On Thursday, June 11, 2015, I was interviewed for the Live Wire, UNC Charlotte’s online news program about my work with science, religion, and the classrooms. I primarily discussed some of the work I did while in Louisiana associated with evolution, but this gives a nice overview of what we are currently facing when it comes to Academic Freedom legislation. There are some really good readings available on the history of the anti-evolution movement. Most of the resources that I can think of at the moment require a subscription to the journal. Here are a few:
- Matzke, N. (2010). The evolution of creationist movements. Evolution: Education & Outreach, 3, 145-162. (NOTE: This journal is now open access. Go here.)
- Binns, I. C. (2013). Academic freedom legislation: The latest effort to undermine the integrity of science and science education. Journal of Science Teacher Education, 24, 589-595.
Of course, the National Center for Science Education (NCSE), who I reference at the beginning of the interview, is the top organization in the United States who protects the teaching of evolution and climate change. You can find a lot of information there about all of the tactics used to undermine the teaching of evolution and climate change. They have a great blog, too.
So, here’s the video:
A few things that I didn’t get to address in the interview because we ran out of time are the work I’m doing at my local Episcopal Church, The Episcopal Church of the Holy Comforter, and the current research I just did with my students this past semester. Here’s a little more information on these two endeavors. I anticipate blogging more about each of them over the summer.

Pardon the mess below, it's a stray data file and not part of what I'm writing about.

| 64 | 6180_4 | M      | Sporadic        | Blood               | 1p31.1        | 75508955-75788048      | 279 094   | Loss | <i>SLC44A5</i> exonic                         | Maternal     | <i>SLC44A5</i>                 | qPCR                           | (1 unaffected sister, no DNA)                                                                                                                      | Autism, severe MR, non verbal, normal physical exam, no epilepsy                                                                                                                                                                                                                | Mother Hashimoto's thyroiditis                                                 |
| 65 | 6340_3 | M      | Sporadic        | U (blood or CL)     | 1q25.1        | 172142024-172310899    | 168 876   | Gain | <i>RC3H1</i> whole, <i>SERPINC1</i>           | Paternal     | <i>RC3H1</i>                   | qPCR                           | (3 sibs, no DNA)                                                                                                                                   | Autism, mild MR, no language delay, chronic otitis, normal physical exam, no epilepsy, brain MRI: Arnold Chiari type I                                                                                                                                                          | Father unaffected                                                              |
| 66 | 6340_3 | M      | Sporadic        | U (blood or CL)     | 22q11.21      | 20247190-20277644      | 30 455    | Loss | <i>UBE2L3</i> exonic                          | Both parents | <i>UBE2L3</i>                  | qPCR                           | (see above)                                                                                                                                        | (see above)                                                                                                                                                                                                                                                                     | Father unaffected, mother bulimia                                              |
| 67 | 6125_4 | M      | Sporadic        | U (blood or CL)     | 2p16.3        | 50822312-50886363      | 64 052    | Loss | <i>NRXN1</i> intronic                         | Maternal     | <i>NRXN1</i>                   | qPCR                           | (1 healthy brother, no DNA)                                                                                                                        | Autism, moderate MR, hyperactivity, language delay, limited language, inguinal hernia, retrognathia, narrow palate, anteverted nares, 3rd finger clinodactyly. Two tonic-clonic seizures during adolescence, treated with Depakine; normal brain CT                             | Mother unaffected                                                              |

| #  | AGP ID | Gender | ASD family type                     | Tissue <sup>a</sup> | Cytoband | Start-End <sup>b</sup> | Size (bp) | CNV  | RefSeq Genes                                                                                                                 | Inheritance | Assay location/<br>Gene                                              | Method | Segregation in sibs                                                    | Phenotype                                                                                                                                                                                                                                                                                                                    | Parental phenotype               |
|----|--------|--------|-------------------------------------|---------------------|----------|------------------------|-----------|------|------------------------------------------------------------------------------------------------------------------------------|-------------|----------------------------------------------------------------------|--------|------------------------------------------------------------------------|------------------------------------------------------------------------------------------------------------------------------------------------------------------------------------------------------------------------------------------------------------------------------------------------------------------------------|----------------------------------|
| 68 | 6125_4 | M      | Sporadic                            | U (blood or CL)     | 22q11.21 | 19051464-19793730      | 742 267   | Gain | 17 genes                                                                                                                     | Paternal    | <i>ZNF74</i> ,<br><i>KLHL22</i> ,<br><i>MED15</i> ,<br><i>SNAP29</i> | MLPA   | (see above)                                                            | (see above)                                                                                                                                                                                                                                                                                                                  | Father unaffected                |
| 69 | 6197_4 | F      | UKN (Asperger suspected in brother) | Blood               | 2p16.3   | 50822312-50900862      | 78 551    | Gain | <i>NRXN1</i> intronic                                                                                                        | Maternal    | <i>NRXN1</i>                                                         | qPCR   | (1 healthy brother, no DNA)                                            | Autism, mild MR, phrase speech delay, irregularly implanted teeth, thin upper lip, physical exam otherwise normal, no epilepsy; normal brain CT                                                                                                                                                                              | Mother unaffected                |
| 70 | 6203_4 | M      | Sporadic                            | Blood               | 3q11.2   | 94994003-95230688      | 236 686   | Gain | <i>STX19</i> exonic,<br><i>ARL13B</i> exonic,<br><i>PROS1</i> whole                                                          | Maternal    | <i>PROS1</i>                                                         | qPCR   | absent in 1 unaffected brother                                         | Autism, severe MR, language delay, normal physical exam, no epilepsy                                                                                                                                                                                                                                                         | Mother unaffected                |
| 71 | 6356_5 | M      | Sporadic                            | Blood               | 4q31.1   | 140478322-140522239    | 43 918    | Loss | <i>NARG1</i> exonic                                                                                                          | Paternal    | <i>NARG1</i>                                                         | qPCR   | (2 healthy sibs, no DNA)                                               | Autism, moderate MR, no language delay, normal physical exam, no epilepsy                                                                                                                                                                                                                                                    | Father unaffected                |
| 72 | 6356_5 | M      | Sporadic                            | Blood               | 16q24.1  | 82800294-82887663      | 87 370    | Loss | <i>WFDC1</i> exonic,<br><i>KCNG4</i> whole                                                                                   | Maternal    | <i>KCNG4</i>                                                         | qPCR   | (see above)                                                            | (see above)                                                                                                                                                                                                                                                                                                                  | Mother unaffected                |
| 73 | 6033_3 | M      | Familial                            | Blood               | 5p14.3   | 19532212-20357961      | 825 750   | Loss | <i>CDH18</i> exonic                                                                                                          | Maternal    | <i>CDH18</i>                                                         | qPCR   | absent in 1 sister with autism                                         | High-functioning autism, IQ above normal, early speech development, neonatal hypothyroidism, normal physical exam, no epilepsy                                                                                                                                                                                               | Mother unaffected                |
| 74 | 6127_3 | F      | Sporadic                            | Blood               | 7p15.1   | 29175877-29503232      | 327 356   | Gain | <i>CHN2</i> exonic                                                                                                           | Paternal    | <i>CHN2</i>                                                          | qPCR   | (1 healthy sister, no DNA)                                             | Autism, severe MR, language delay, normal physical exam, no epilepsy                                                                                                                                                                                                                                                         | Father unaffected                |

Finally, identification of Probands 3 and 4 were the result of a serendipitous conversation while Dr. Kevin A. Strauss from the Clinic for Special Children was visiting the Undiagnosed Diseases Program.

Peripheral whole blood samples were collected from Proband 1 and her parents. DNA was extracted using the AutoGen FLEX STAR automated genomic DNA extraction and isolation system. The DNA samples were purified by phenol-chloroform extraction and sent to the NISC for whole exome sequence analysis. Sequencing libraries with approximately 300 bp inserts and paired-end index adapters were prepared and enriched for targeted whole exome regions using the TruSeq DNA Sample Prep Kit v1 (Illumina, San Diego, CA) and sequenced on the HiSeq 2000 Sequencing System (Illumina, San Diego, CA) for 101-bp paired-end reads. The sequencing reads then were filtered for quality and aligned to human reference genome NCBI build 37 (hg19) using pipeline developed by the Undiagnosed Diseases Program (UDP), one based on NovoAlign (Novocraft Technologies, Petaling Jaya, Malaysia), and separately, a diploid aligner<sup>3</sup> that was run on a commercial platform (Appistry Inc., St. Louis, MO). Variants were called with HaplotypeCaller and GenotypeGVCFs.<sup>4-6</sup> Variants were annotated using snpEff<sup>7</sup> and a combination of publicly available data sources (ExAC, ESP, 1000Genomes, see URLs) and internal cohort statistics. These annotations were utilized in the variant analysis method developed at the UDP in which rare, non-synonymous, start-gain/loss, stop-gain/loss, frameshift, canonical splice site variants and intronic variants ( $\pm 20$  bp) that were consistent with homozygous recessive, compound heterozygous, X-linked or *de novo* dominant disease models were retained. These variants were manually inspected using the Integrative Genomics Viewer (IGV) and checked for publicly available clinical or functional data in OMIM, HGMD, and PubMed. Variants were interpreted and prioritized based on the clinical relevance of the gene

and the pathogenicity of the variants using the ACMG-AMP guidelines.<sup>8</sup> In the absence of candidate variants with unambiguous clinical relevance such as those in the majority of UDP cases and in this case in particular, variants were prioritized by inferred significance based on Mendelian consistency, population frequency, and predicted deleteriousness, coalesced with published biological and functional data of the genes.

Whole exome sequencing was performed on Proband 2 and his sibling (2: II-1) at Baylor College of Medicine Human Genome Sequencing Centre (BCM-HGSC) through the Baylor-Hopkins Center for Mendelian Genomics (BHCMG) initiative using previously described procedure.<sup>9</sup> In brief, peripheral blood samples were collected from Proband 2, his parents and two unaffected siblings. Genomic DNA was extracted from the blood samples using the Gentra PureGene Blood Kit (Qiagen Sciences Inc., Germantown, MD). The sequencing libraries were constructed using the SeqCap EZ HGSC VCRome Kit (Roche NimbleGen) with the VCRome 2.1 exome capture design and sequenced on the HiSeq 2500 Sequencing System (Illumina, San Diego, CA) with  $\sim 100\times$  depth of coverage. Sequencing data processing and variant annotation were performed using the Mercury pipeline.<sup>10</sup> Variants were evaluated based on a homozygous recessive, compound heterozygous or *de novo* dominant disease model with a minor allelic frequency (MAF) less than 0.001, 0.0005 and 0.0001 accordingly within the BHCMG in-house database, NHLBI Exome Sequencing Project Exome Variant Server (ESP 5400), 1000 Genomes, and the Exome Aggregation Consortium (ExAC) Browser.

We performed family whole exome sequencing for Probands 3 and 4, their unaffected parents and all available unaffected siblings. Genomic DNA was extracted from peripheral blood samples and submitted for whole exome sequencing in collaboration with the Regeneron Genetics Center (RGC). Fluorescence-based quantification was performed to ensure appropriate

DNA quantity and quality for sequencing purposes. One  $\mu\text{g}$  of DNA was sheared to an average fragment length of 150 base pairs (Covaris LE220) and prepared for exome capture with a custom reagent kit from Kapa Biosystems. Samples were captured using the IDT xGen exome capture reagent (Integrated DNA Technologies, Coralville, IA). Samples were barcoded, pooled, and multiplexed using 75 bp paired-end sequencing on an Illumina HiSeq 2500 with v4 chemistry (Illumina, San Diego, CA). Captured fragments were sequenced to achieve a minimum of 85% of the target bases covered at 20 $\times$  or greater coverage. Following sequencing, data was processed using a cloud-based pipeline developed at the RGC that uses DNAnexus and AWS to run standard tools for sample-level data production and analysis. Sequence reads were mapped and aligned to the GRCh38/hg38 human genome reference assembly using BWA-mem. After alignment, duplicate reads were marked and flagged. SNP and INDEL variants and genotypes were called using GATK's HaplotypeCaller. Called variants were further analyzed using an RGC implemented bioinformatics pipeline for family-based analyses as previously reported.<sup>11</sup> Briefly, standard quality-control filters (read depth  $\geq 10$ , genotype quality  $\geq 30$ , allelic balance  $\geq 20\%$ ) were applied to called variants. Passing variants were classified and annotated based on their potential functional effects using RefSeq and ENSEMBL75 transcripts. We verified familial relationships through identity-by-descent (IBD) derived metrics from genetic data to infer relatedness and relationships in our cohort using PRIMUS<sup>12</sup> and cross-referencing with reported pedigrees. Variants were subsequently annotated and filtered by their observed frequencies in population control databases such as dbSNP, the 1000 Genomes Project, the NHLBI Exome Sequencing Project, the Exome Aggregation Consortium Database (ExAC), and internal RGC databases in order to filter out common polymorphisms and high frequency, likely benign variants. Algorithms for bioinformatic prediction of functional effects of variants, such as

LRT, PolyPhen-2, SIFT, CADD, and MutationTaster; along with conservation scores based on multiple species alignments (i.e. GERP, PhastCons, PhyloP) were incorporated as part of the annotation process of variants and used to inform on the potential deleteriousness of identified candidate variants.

Episcopal Church of the Holy Comforter
Last fall, Father Kevin Brown, the rector at my church, and I co-taught a 4 week course of science and religion. Each week while the kids were in Sunday School, Kevin and I addressed a specific topic. The first week focused on what is science, the second on what is faith, the third on evolution, and the fourth on the anti-evolution movement. We decided that for this first year, we would focus on evolution. This coming fall we will focus on climate change.
Overall I think it went pretty well. We had good attendance each week. In fact, we had to add two weeks on because we realized that we didn’t have enough time for a discussion with the attendees. I think these two weeks were the most interesting. This is where we discussed what things we could do to address the perception that science and religion are in conflict. One of the main messages I emphasized was that a possible way to improve this perception would be for those of us who don’t see a conflict between religion and science to speak up. We could educate others. We could start a dialogue with people, especially those individuals who hold the view that you can’t accept science if you are a person of faith. You may notice that I also bring this up in the above interview (right around the 5 min mark).
I conducted some research with my elementary science methods classes this past semester. Our primary focus was to see if the use of film clips with explicit discussion influenced students’ views of nature of science, scientific inquiry, and dispositions of scientists. Mark and I decided to add one component to the type of data that we typically collect.
During the exam period I gave students what we called a “school board scenario.” Some parents were interested in adding creationism and intelligent design into the science curriculum and we were interested in how they would vote if they were on the school board. We first had them define science, presented them short descriptions of evolution, creationism, and ID, and then asked them how would they vote based on their definition of science. We are still in the preliminary stages of coding and analyzing the data, but I’m pretty excited about what we are seeing at this point. We will definitely write more about this in the future.